Monday, April 28, 2014

Wood Engraving Artist


Grace Arnold Albee (1890–1985, US), Fly Argaric, 1973. Wood engraving on paper, sheet: 21.9 x 26.4 cm (8 5/8” x 10 3/8”). Brooklyn Museum. (BMA-3143)

There is a high degree of skill in printmaking, particularly—in the case of relief printing—the carving of the vehicle. I, for one, have tried relief printing, both linoleum cuts and woodcuts, and I am not dexterous enough to produce either fine line, or smooth contours of shapes (like the oak leaf in the Albee print). In many ways, printmaking changed from the 1800s to the 1900s in that artists started carving their own surfaces rather than handing a drawing over to a professional printmaker. There is a grace and sophistication to Albee’s prints to which I just awoke (go figure, I awake to new and exciting art every week!). She is yet another example of a woman artist who slipped under the radar of most art history surveys, except for mine!

Wood engraving is a relief printmaking medium, in which the design is carved out of a wood block. It is an ancient art form. Ancient Egyptians used wood engravings to stamp designs on fabric. The ancient Romans stamped designs in brick and terra cotta. The Chinese were producing wood engraved prints long before Europe. Wood engraving was first used in the West to produce devotional prints and playing cards.

The heyday of the medium was the late 1700s through the 1860s, when the medium was used to illustrate books and magazines, and to reproduce paintings for mass consumption. By the late 1860s, the medium was eclipsed by lithography, a much simpler process. Drawings did not need to be transferred to a wood block and carved. The artist could draw the design directly on the litho stone.

Wood engraving enjoyed a revival in the early 1900s as a fine art medium in its own right, rather than illustration for other works. As a child, Albee was fascinated by the wood engraving illustrations in her grandfather’s books. Although she studied painting at the Rhode Island School of Design, wood engraving became her primary medium as a mature artist. Like the majority of artists working with wood engraving in the 1900s, Albee carved her own woodblocks.

After marrying, Albee and her husband lived in Paris from 1928 to 1933. There she met the engraver Paul Bomet, with whom she took lessons in wood engraving. She had her first one-woman show in Paris in 1932. Between 1933 and 1937 Albee lived in New York, where she produced primarily prints of urban scenery. After moving to Doylestown, PA in 1937, she began producing the prints for which she is best known, close-ups of nature. This subject matter remained a part of her oeuvre the rest of her life.

Albee produced over 250 prints during her career. They are mostly small in scale because she preferred carving on the end-grain of the wood block. This required high precision in carving, producing extraordinary detail, obvious in this print of the fly argaric mushroom.  In this print she has cleverly placed a fly in a contrasting color to the whole in a play on words.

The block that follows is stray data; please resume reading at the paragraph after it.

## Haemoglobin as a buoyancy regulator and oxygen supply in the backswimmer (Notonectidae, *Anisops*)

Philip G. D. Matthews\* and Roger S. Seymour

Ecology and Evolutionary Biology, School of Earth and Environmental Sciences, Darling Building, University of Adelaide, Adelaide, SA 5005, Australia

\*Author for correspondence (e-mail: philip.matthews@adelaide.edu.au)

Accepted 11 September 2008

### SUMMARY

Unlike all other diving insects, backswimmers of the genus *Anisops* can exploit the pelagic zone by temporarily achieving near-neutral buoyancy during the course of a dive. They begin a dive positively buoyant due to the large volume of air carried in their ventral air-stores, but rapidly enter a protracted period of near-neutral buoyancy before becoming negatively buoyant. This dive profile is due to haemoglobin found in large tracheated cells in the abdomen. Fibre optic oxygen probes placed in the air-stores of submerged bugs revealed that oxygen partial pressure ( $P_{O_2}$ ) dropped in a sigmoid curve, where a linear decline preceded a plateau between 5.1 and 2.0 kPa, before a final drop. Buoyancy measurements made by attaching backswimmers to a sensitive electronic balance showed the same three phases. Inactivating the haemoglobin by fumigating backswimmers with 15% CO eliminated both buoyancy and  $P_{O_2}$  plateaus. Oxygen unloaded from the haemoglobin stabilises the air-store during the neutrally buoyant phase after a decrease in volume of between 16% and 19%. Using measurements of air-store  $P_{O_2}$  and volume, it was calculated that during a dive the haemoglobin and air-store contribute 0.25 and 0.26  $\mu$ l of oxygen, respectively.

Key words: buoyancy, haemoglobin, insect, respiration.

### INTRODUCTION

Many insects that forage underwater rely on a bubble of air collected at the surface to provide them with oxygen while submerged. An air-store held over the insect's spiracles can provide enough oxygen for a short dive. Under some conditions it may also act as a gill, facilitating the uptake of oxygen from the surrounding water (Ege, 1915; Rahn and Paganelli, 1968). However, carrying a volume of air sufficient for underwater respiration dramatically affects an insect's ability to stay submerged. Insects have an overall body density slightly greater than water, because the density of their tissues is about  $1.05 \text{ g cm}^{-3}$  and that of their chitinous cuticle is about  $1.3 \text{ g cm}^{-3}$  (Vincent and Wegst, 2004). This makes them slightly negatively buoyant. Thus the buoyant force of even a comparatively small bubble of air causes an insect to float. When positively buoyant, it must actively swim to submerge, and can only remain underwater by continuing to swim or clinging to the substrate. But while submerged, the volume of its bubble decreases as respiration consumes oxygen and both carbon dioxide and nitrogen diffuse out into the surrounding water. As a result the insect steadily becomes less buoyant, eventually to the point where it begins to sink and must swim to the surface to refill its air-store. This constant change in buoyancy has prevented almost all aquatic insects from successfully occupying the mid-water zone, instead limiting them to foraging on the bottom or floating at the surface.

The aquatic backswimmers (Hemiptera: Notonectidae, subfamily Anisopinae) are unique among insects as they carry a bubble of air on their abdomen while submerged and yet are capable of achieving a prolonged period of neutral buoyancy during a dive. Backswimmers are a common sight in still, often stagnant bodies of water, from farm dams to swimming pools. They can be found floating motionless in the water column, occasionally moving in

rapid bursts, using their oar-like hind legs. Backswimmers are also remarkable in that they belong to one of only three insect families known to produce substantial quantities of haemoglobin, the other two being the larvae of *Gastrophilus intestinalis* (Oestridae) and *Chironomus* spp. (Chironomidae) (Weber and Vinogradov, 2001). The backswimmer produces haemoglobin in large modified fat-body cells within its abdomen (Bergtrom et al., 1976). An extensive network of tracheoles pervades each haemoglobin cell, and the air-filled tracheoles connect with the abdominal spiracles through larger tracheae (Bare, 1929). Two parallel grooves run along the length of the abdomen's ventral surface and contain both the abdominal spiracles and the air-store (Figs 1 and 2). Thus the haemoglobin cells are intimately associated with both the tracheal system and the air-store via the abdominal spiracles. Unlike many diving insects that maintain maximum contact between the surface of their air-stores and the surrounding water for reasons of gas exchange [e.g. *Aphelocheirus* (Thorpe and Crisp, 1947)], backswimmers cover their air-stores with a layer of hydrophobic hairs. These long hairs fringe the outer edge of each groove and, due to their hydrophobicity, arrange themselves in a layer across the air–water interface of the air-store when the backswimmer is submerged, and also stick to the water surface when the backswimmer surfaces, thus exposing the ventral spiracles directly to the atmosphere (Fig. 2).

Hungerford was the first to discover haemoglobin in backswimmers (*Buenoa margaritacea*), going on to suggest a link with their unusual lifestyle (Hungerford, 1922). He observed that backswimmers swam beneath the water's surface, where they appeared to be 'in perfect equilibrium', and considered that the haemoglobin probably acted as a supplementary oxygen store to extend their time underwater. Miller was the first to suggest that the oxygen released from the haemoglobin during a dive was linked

Studio Activity: A nature relief print. Make a one-color relief print on a linoleum block using linoleum cutting tools. Choose as subject matter an element of nature such as a plant, grass, or the side of a tree. Make sketches to practice, and then sketch on the linoleum block. Make a note which areas will be printed in the one color. Remember that the areas that receive the color remain raised. Simplify the shapes so that the carving of the linoleum does not involve a lot of detail. Carve away the linoleum that will form the white background or outlines of shapes.

Correlations to Davis programs: Explorations in Art Grade 1: 4.20, Explorations in Art Grade 5: 19-20 studio, A Global Pursuit: 7.3, Exploring Printmaking: 3, The Visual Experience 9.4

Tuesday, April 22, 2014

Another Pioneering American Woman Artist


 Emma Stebbins (1815–1882, US), Machinist, c. 1859. Marble, 74.9 x 29.2 x 29.2 cm (29 ½” x 11 ½” x 11 ½”). © Art Institute of Chicago. (AIC-414)

 Considering how hard it was for women to be accepted as artists (in the US) in the 1800s, and considering that it was frowned upon for them to attend art schools, it still amazes me how many women became sculptors in the early to mid-19th century. Yet, here we have another example of a woman who turned from studies in painting to become a sculptor. Sculpture was considered, at the time, a man’s “domain” because it involved physical activity, and might, (gasp) cause the need to climb a ladder or scaffold to work on a monumental piece.  That could mean women might have to wear pants (gasp) like male artists. We always think of Europe as more liberal when it came to women artists, but never forget that the painter Rosa Bonheur had to obtain a police permit to wear pants in public in order to study barnyard animals! Stebbins, like Bonheur, is a truly unique individual in the history of art, and in the study of women artists. While I continue to say that women have always been important participants in the history of art, that doesn’t mean that they’ve been adequately represented in textbooks that students see. I am, humbly, here trying to correct that.

Sculpture in the 1800s in both Europe and America was dominated by Neoclassicism. It was also a field in art that was considered too “unladylike” a discipline for women artists because of the physical nature of the work, especially in monumental pieces. There were several pioneer woman sculptors, Stebbins being one of them.

Stebbins was encouraged to pursue art by her family while growing up in New York City. She studied at various art schools in New York, and was elected to the National Academy of Design in 1843, a rare occurrence in 1800s America. In 1857 she wet to Rome in order to study the abundant examples of ancient Greek and Roman art. Although she had initially trained to be a painter, once in Rome she decided to pursue sculpture as her medium. She joined a circle of expatriate American women artists of sculptor Harriet Hosmer (1830–1908). Hosmer had established a lively community of American woman sculptors that include Anne Whitney (1821–1915) and Edmonia Lewis (1844–1907). There, Stebbins found the support of teachers, fellow women students, and the inspiration of being surrounded by classical art (which informed her mature style). She also met her partner, Charlotte Cushman (1816–1876), there, an internationally known actress, who was Abraham Lincoln’s favorite for interpreting Shakespeare.